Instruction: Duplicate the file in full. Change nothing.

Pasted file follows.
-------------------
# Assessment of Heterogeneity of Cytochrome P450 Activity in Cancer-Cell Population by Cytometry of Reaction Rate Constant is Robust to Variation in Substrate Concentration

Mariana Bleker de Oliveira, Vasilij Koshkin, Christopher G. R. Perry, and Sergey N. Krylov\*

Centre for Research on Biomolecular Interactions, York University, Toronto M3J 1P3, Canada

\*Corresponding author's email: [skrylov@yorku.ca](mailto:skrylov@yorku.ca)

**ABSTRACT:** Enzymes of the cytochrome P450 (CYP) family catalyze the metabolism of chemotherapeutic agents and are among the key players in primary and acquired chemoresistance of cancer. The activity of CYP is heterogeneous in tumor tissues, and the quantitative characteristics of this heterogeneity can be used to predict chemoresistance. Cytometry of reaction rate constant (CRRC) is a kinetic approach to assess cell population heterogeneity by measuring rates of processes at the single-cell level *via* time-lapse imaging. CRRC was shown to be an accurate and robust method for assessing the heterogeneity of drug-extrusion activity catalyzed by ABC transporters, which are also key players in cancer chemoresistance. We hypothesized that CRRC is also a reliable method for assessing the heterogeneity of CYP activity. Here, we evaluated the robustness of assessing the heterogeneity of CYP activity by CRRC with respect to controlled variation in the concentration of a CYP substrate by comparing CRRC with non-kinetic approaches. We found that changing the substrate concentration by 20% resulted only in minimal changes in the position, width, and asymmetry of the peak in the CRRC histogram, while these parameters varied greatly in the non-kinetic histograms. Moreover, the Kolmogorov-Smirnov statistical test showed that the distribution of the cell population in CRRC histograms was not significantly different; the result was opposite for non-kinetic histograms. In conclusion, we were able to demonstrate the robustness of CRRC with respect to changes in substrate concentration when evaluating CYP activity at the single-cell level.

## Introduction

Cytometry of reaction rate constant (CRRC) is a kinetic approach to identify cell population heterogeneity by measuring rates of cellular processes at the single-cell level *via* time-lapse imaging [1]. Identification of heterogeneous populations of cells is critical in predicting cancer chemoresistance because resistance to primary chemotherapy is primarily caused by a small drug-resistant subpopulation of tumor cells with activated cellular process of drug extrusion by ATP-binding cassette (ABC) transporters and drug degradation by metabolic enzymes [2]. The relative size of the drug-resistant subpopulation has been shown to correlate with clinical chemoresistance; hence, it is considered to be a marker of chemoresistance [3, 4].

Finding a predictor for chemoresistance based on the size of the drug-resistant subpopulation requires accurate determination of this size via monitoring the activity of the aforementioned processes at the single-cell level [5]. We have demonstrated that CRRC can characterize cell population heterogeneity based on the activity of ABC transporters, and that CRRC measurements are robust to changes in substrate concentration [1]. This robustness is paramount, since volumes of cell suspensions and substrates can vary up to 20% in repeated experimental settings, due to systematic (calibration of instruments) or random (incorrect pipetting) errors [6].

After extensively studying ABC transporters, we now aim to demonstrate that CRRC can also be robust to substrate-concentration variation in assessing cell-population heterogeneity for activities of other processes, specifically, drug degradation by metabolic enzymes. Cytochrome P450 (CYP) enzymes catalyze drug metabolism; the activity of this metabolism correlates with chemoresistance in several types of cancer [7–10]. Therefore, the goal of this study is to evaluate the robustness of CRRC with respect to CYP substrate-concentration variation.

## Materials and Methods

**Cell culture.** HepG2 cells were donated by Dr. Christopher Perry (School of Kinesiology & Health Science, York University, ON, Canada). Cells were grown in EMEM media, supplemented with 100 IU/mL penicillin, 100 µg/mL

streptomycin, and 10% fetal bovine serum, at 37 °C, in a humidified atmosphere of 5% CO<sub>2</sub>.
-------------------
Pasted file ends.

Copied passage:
# Assessment of Heterogeneity of Cytochrome P450 Activity in Cancer-Cell Population by Cytometry of Reaction Rate Constant is Robust to Variation in Substrate Concentration

Mariana Bleker de Oliveira, Vasilij Koshkin, Christopher G. R. Perry, and Sergey N. Krylov\*

Centre for Research on Biomolecular Interactions, York University, Toronto M3J 1P3, Canada

\*Corresponding author's email: [skrylov@yorku.ca](mailto:skrylov@yorku.ca)

**ABSTRACT:** Enzymes of the cytochrome P450 (CYP) family catalyze the metabolism of chemotherapeutic agents and are among the key players in primary and acquired chemoresistance of cancer. The activity of CYP is heterogeneous in tumor tissues, and the quantitative characteristics of this heterogeneity can be used to predict chemoresistance. Cytometry of reaction rate constant (CRRC) is a kinetic approach to assess cell population heterogeneity by measuring rates of processes at the single-cell level *via* time-lapse imaging. CRRC was shown to be an accurate and robust method for assessing the heterogeneity of drug-extrusion activity catalyzed by ABC transporters, which are also key players in cancer chemoresistance. We hypothesized that CRRC is also a reliable method for assessing the heterogeneity of CYP activity. Here, we evaluated the robustness of assessing the heterogeneity of CYP activity by CRRC with respect to controlled variation in the concentration of a CYP substrate by comparing CRRC with non-kinetic approaches. We found that changing the substrate concentration by 20% resulted only in minimal changes in the position, width, and asymmetry of the peak in the CRRC histogram, while these parameters varied greatly in the non-kinetic histograms. Moreover, the Kolmogorov-Smirnov statistical test showed that the distribution of the cell population in CRRC histograms was not significantly different; the result was opposite for non-kinetic histograms. In conclusion, we were able to demonstrate the robustness of CRRC with respect to changes in substrate concentration when evaluating CYP activity at the single-cell level.

## Introduction

Cytometry of reaction rate constant (CRRC) is a kinetic approach to identify cell population heterogeneity by measuring rates of cellular processes at the single-cell level *via* time-lapse imaging [1]. Identification of heterogeneous populations of cells is critical in predicting cancer chemoresistance because resistance to primary chemotherapy is primarily caused by a small drug-resistant subpopulation of tumor cells with activated cellular process of drug extrusion by ATP-binding cassette (ABC) transporters and drug degradation by metabolic enzymes [2]. The relative size of the drug-resistant subpopulation has been shown to correlate with clinical chemoresistance; hence, it is considered to be a marker of chemoresistance [3, 4].

Finding a predictor for chemoresistance based on the size of the drug-resistant subpopulation requires accurate determination of this size via monitoring the activity of the aforementioned processes at the single-cell level [5]. We have demonstrated that CRRC can characterize cell population heterogeneity based on the activity of ABC transporters, and that CRRC measurements are robust to changes in substrate concentration [1]. This robustness is paramount, since volumes of cell suspensions and substrates can vary up to 20% in repeated experimental settings, due to systematic (calibration of instruments) or random (incorrect pipetting) errors [6].

After extensively studying ABC transporters, we now aim to demonstrate that CRRC can also be robust to substrate-concentration variation in assessing cell-population heterogeneity for activities of other processes, specifically, drug degradation by metabolic enzymes. Cytochrome P450 (CYP) enzymes catalyze drug metabolism; the activity of this metabolism correlates with chemoresistance in several types of cancer [7–10]. Therefore, the goal of this study is to evaluate the robustness of CRRC with respect to CYP substrate-concentration variation.

## Materials and Methods

**Cell culture.** HepG2 cells were donated by Dr. Christopher Perry (School of Kinesiology & Health Science, York University, ON, Canada). Cells were grown in EMEM media, supplemented with 100 IU/mL penicillin, 100 µg/mL

streptomycin, and 10% fetal bovine serum, at 37 °C, in a humidified atmosphere of 5% CO<sub>2</sub>.